Sunday, April 19, 2015

Autism Acceptance Challenge 12: Public Displays of Autism

This is a tricky one to talk about. I believe strongly that greater visibility is one of the keys to acceptance. I have been openly queer most of my life and openly autistic since I found the name to describe my neurological differences. I also recognize that there is a load of privilege in this. There are people for whom passing as non-autistic is never a choice. There are also those who pass in order to protect their jobs, families, or even their lives. It is not for me to decide that everyone should be “out.” I do believe that changes in societal attitudes will emerge from the recognition that we are here in the families, communities, and workplaces alongside the puzzle wearing crusaders. I do believe that it becomes more difficult for people to unthinkingly proclaim that autism should be eradicated when faced with the reality that this person would not exist in such a world.

Think of this as less of a challenge, then, more of an invitation. Be autistic in public. Go somewhere and refuse to suppress your own natural expressions. Flap, pace, rock, bounce, squawk. Repeat things. Take an animatronic parrot to lunch. Be yourself.

If you are not autistic, think about the things you do that soothe you. Do you twist your hair? Click your pen? Tap your foot? Talk about the weather? Why have you not been shamed for these things or been told or trained not to do them?

Also, if you are not autistic, go out with people who are. Don’t correct them when they say or do something autistic. Observe how that feels, and how other people around you respond. 

Come back here and tell me your story. You have the rest of April to complete this challenge…er…invitation. If it is not something you are able to do, you can participate by explaining why it isn't possible. What would you need in order to feel safe? And if this is something you already do every day, of course that counts too. Just leave your comment to be included.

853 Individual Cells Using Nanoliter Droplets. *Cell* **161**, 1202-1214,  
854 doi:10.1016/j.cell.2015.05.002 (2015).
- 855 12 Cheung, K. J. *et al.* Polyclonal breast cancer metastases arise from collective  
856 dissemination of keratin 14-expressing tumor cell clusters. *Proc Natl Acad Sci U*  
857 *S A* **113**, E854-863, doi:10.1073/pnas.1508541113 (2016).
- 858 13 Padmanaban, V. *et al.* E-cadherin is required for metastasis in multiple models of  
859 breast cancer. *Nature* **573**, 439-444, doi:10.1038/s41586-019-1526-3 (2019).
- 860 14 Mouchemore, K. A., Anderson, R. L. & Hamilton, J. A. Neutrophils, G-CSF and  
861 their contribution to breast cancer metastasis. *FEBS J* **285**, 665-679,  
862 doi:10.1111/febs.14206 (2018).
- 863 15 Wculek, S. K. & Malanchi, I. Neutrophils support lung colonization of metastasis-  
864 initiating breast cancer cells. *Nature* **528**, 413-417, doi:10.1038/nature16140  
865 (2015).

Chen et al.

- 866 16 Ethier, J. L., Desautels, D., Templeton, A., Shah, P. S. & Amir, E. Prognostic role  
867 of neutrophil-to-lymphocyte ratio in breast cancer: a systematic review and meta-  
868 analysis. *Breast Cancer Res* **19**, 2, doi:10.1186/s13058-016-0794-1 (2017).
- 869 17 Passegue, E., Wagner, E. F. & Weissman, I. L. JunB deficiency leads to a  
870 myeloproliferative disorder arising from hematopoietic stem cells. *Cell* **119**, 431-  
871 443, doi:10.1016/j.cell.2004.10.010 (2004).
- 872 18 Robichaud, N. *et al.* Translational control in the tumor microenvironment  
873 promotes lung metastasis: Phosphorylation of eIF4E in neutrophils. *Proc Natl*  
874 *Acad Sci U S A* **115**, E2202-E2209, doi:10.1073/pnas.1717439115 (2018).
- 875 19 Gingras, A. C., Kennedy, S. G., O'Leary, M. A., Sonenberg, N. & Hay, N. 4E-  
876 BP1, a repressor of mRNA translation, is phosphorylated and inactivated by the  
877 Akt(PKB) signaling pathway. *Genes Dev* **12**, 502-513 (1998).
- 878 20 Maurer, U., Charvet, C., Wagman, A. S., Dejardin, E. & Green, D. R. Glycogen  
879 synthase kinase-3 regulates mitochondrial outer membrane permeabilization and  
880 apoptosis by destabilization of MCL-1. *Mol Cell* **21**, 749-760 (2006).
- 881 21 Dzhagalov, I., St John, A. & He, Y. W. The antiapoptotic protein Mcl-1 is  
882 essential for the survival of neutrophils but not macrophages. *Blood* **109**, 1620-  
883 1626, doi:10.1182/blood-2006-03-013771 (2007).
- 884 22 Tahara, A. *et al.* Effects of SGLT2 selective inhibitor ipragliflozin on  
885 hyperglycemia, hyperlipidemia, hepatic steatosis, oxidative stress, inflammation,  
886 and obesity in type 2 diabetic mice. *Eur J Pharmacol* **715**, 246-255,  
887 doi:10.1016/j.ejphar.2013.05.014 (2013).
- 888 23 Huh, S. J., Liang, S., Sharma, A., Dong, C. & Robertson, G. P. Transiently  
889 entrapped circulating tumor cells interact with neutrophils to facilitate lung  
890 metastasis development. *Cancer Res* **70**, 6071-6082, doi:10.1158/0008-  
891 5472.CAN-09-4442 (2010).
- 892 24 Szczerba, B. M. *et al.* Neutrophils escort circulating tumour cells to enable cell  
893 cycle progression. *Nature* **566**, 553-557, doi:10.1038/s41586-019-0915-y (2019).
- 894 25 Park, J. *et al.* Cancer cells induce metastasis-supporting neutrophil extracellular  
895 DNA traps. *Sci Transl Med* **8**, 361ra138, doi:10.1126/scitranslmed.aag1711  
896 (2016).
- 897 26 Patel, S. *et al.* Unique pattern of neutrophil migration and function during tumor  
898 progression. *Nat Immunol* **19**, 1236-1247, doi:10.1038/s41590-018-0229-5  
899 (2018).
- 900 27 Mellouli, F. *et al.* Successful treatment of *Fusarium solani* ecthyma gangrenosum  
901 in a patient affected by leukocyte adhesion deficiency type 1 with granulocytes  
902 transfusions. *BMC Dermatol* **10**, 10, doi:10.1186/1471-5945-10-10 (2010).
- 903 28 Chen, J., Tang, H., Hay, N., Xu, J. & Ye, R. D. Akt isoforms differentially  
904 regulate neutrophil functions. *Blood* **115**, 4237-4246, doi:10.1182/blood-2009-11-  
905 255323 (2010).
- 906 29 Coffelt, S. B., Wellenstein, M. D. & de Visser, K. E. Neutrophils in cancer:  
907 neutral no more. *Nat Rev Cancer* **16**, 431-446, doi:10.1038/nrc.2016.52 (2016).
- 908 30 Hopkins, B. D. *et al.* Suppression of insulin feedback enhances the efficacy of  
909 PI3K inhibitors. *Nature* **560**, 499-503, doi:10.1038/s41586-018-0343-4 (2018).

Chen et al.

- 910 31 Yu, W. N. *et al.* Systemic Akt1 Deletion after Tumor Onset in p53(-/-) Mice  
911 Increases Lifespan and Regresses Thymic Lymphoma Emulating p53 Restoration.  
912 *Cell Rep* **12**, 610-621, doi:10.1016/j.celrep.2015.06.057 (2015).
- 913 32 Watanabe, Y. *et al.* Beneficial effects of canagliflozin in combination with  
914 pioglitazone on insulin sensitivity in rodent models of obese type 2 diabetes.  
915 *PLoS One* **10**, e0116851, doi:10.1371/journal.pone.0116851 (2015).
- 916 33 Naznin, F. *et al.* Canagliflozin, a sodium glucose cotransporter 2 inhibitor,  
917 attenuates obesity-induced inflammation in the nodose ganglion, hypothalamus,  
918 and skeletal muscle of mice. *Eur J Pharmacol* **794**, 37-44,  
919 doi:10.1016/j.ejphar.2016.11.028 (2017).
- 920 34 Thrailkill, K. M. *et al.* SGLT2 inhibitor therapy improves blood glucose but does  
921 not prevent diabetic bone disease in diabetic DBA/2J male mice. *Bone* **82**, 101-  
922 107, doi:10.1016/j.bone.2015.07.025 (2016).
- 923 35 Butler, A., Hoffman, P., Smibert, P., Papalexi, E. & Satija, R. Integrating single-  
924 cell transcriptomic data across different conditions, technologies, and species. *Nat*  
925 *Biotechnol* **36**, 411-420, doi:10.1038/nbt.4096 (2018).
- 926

1. I've been openly autistic since I got my diagnosis. I don't really know that I did a very good job of passing before anyway, but now I feel like I can be myself instead of using up all my energy trying to be "normal". - Jennifer V

  2. This needs to be included in the conversation re: privilege, who can afford to look autistic and when.

  3. I'm not autistic; my son is. As he grows into a young man, he is gaining in skills and knowledge and has achieved more even than I would have believed possible when he was younger. He is also more visibly non-typical as he has frequent jerky body movements and he walks and talks in ways that mark him out as "other". He knows that he is autistic and we talk about his body movements often- I tell him that he can move his body any way he wants and that anyone telling him to stop is wrong. I catch strangers gawking at him regularly but he keeps on being his twirly bouncy self.
    As for me, I get panicked and anxious at times such as travelling through airports with all the children or when I'm driving somewhere and am running late and I get myself more and more worked up. Thankfully I'm getting better at catching myself when I start down this cycle but I still need those about me to help me calm down and breath and not to think the world will fall to pieces because of me!

    1. I get nervous in airports and around police too. If "awareness" did anything useful, it wouldn't have to be this way. Thanks for supporting your son to be himself.

  4. I wasn't aware that my autistic traits were autistic, until last year. I thought I was just, well, odd, bad at relating, eccentric, picky, sensitive, a dancer, and had odd mannerisms. I accepted myself as I was, but always felt vaguely worried, ashamed and guilty.

    These days, every day, now that I know, I'm working on turning back some of the compensation, and conforming that was drilled into me as a kid. PTSD (mostly) worked on, now rediscovering the joy of jumping around, running, pacing, squealing (blueberries!), and arching my hands and making acrobatics with my fingers to process things. Looking elsewhere when I'm talking to someone and being able to think. Covering my ears when there's too much noise, because I can and because I bloody well should. It's odd and wonderful to find this freedom.

  5. Self-esteem issues, mostly.

    I think I need a load of 'How to get self-esteem back after abliest bullying' resources chucked at me.

  6. Self-esteem issues, mostly.

    I think I need a load of 'How to get self-esteem back after abliest bullying' resources chucked at me.


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